My next several blog posts are all related to the same topic. They deal with something that happened to me in July of 1988. My Dad had died the previous Thanksgiving, and I was still in the grief process over that loss. As well, I was still involved with a 12 step program for people who had grown up around alcoholism. That group had grown to be like a family for me. Yet I had seen several situations where I needed to back away from people in that group, because the dynamic wasn’t healthy for me.

Then something happened that was one of the shocking turning points in my life. I have given a brief description of it in my blog post “Talk of Tigers/The Tiger Unveiled.” A group of people did an intervention on me. It wasn’t the kind of intervention where there is advanced planning, careful preparation, and a professional is retained to keep the process on track. Instead it was a testimony to the frightening power of codependency, and to the scariest aspect of a group working themselves up into a frenzy. In that state, things happen that normally would not. Those things happened to me.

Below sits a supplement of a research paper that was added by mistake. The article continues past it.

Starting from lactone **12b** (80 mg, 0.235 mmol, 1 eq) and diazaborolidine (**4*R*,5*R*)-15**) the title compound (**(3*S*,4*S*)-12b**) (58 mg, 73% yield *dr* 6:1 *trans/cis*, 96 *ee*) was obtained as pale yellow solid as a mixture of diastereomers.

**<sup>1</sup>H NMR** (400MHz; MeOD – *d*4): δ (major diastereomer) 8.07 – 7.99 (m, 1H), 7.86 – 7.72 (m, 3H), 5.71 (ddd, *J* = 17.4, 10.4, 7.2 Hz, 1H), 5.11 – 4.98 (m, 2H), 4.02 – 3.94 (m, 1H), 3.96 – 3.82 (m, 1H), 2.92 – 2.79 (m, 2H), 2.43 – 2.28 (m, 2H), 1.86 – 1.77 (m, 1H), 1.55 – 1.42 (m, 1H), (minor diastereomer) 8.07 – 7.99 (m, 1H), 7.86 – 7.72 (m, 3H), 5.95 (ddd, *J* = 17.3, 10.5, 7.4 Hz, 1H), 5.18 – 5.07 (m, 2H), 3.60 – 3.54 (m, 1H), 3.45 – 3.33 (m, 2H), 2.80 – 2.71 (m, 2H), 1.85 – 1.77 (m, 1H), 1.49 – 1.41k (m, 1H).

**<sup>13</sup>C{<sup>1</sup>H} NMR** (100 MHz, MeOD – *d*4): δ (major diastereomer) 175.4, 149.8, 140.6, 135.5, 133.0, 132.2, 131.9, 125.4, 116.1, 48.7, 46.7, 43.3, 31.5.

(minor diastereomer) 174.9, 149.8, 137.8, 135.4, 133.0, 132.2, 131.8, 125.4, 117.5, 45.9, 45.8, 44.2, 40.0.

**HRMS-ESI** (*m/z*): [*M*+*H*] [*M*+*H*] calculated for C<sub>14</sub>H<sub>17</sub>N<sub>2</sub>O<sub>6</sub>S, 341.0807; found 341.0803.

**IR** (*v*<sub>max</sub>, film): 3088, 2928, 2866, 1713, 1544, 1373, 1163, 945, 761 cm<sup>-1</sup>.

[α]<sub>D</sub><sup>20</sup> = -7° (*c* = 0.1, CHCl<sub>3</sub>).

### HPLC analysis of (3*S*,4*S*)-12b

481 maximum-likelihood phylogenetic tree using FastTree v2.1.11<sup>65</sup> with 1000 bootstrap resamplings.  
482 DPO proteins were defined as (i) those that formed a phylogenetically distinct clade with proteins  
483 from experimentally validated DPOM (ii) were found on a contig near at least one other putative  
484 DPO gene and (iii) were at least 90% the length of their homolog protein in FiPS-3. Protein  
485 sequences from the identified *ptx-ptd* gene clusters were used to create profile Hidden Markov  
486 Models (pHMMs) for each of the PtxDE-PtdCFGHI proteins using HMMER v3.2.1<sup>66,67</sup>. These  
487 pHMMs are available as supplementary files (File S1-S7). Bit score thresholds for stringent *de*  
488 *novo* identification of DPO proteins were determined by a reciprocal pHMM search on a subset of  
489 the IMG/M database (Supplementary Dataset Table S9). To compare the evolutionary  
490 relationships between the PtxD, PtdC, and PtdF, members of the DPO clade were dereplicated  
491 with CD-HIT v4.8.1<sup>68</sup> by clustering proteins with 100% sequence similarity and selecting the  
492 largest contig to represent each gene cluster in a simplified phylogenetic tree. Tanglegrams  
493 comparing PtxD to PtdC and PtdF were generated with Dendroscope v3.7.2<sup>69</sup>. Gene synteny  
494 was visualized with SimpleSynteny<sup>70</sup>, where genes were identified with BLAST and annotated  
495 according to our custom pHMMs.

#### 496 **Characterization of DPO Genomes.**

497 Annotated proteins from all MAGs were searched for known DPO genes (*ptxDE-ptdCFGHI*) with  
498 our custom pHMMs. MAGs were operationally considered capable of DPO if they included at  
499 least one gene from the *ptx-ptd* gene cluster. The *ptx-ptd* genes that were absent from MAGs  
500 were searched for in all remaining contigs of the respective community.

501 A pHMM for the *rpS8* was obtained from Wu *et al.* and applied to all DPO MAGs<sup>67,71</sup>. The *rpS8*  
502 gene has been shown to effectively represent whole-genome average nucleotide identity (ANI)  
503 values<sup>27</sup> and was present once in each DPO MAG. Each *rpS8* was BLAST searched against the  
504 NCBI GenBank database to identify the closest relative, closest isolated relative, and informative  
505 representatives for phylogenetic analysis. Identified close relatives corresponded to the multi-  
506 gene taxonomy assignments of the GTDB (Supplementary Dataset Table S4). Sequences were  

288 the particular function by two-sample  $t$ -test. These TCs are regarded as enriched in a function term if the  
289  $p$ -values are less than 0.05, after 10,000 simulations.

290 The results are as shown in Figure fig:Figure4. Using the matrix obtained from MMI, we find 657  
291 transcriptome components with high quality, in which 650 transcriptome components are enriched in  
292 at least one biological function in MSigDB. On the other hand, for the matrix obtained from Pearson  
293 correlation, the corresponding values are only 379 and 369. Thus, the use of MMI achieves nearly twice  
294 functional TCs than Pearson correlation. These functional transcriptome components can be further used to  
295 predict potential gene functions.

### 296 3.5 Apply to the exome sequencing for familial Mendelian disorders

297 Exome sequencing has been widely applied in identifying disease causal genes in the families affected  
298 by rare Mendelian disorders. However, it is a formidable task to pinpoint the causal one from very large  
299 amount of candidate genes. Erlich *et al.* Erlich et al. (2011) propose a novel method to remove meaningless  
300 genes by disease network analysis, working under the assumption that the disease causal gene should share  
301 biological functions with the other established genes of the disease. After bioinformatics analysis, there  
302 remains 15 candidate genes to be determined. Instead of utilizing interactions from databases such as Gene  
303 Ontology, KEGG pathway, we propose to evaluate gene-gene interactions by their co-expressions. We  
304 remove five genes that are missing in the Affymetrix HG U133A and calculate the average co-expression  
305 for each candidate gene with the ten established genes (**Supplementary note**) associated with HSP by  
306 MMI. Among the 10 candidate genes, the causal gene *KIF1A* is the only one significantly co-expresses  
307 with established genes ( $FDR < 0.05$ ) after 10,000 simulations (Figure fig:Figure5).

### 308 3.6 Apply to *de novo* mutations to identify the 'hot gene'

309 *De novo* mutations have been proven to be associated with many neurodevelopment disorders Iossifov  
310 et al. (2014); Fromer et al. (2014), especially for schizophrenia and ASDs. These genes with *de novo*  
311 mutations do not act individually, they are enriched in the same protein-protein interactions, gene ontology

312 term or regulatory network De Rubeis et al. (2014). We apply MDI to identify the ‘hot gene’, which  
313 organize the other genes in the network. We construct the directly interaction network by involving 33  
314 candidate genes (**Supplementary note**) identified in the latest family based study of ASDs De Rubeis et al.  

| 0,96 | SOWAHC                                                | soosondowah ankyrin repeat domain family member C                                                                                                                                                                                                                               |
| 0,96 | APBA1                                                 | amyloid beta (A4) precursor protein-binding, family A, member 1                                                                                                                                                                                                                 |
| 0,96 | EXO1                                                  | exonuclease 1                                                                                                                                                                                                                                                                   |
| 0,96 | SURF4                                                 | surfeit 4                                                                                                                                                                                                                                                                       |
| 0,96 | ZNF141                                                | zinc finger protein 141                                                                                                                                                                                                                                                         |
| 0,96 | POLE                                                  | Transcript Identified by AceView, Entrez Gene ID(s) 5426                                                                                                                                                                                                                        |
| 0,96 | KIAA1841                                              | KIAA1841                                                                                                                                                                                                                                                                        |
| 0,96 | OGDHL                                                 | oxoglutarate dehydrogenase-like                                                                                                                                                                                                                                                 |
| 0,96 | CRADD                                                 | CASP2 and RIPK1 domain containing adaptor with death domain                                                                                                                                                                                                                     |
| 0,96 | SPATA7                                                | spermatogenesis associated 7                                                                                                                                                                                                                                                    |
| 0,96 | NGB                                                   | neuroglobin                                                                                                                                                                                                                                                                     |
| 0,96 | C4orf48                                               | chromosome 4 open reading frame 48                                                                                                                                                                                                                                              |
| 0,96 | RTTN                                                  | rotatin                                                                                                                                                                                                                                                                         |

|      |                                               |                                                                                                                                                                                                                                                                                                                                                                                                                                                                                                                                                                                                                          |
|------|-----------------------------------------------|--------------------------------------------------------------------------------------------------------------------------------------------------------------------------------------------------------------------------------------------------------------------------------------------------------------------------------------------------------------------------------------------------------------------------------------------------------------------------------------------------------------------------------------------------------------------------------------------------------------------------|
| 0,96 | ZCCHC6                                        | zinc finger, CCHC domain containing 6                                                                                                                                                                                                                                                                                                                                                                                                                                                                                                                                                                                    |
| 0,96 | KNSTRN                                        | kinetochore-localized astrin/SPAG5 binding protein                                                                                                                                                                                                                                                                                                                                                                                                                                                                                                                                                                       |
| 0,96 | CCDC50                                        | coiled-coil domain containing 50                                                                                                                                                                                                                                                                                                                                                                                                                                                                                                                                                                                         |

This event will be the focus of an upcoming book I will publish entitled “The Tiger Unveiled.” These posts that will follow are several of the key components of that book. They don’t tell the whole story, but give greater depth perception to it. For some reason, I am being led to share these pieces right now. I think because it’s time to speak out, confront the sickness, and how the offenders can be protected and sheltered by a family system.

But I must also share what I did in response, which was a key to my whole recovery process.

My next three posts will be:

1) The Betrayal

2) The Anger Contract

3) The Intervention – Response Letter

The Betrayal

(Written April 10, 1990)

Part One

July 23, 1988

As they sat down in a booth at Denny's, what went through his mind was, “Oh, my God, this feels like an intervention.” There were six of them, and one of him. They had gotten him out of bed that night – he’d gone to bed early – and said they wanted to buy him dinner. From the first his intuition was that something was wrong. The people who came to his back door didn’t fit together – some of them didn’t even like each other. And they wanted to buy him dinner? This late? But he had gone along with them – because he trusted them, gave power to their words – in a sense they were like family.